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Thursday, 10 January 2008

Henri Langlois: Phantom of the Cinémathèque (2004) Jacques Richard

Three things dominate this film, a documentary about the achievement of Henri Langlois. The first is the unique atmosphere of the Cinémathèque Française that had an influence on people that has not and really now cannot be matched. The second is the importance he and it have had on the preservation of film and the lengths that Langlois in particular went to ensure this, even during such trying times as the Nazi occupation and the Vichy government. The third are the names, which are neverending, but give the impression that it would be nigh on impossible to talk about the Cinémathèque without dropping names.

There's substance here for sure but the stories are irresistable for their own sakes. We hear about the scenes Jean Vigo cut from L'Atalante for the sake of simplicity that Langlois put back in to make his own copy. We hear about him trading a documentary on the Maginot Lane with a Nazi officer for a copy of The Blue Angel that Hitler wanted to destroy. Simone Signoret walks past Nazis with underground film reels in her pram. No end of future famous New Wave filmmakers crowd the front rows at film showings so people like Truffaut were forced to lie on the floor and 'eat the screen'. When he presented Hitchcock with the Legion d'Honneur, Hitch responded by presenting it back to Langlois for his unparalleled work.

There are lessons for today, in a world so obsessed with intellectual property and digital piracy equated with global terrorism. Much of the huge stock of 50,000 plus films that comprised the Cinémathèque's collection were stolen from the rightful owners who were busy trying to destroy them. Now in retrospect, the man is a hero, responsible for the existence of key early films. Even Jack Valenti, former head of the MPAA, talks about how massively important the man is. I can't help but feel that the equivalent today are the fan subbers, the people who host torrents of silent movies, the people who the industry wants to kill off.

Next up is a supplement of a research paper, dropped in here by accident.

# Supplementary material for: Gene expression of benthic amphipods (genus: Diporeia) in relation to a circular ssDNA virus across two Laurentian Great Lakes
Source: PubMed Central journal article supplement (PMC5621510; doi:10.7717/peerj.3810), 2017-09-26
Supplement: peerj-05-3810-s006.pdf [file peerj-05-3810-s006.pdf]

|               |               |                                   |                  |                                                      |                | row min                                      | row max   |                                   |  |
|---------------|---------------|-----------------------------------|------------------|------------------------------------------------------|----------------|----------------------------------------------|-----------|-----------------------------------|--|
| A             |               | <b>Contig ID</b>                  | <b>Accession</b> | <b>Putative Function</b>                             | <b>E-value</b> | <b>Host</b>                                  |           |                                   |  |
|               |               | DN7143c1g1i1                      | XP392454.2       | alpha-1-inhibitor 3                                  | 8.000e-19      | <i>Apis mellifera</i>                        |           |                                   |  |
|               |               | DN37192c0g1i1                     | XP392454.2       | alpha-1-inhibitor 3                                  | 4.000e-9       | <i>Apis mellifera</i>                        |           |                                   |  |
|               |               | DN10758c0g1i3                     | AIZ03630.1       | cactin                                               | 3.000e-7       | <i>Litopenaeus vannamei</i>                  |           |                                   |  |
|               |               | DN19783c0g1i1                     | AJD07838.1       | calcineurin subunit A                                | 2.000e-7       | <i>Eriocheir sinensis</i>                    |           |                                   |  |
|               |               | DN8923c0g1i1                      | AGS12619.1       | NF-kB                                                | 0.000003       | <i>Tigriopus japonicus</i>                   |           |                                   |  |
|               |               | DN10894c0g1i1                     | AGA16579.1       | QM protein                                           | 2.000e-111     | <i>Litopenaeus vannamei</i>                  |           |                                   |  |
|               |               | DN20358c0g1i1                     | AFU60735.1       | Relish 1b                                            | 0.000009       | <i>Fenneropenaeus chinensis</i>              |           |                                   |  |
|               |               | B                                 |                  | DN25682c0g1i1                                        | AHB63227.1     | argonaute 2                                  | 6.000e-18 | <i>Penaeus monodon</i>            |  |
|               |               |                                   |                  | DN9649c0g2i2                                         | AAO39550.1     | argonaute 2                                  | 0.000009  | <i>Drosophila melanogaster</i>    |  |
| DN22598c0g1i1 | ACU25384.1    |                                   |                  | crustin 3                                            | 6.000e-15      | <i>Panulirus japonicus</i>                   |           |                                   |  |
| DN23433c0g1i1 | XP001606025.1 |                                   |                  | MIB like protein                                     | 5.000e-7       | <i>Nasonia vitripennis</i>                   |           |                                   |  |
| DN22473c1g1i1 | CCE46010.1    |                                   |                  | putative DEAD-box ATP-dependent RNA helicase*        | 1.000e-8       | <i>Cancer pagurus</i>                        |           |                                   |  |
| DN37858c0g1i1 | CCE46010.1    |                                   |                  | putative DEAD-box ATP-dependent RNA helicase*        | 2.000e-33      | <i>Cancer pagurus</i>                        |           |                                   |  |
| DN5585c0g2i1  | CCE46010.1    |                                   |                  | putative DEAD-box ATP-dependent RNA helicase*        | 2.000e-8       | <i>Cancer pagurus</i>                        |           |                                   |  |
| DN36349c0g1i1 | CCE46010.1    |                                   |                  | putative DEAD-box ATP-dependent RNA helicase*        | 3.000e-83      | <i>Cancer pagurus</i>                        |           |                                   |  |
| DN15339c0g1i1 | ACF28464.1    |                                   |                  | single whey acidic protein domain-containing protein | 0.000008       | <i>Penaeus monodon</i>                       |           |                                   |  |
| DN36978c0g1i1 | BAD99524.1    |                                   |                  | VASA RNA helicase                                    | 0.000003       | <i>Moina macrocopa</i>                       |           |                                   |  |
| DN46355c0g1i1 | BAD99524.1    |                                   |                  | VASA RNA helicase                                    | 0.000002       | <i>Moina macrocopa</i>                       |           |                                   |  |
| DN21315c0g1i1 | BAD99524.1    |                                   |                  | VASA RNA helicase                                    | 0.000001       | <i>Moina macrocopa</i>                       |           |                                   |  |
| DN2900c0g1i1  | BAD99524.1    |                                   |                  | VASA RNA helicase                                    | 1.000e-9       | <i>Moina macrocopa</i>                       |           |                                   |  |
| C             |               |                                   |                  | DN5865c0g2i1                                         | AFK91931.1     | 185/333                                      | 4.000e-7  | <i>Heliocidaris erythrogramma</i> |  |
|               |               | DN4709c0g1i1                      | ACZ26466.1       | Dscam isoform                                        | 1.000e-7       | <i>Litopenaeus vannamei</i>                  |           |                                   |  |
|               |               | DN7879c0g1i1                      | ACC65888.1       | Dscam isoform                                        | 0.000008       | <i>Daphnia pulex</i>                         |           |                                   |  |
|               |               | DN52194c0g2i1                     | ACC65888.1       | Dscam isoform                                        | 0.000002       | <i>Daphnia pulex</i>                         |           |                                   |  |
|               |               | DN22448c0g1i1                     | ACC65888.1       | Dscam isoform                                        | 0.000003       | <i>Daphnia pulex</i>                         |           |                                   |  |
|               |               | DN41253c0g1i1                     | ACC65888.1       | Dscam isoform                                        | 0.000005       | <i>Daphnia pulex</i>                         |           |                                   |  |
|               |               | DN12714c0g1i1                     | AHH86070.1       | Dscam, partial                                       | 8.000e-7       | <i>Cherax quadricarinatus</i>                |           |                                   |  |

The real deluge of names comes in 1967 when the French state ousted Langlois from his position at the Cinémathèque. This seriously needs to be made into a drama: the world of culture vs the world of politics, the state imposing its will while those who really know rise up in protest. The response to this insult was huge, with filmmakers from around the world like Josef von Sternberg, Orson Welles and Carl Theodor Dreyer writing to General de Gaulle threatening to withdraw their films from the Cinémathèque if he wasn't reinstated.

More dynamically, the filmmakers who effectively learned their business by watching the films Langlois programmed at the Cinémathèque protesting in the streets, to the opposition of the police who went as far as clubbing Jean-Luc Godard. I don't think I've ever seen such a demonstration of people who simply know they're right. There's no religious devotion in what people like Truffaut say, just the unflappable knowledge that Langlois was the Cinémathèque and it was simply insane to remove him. Langlois won.

This is a magnetic documentary about a magnetic man. Just as people in the film described Langlois's museum of film as a place that made people want to watch films, seeing this makes me want to read up further on his work. Incredible stuff.

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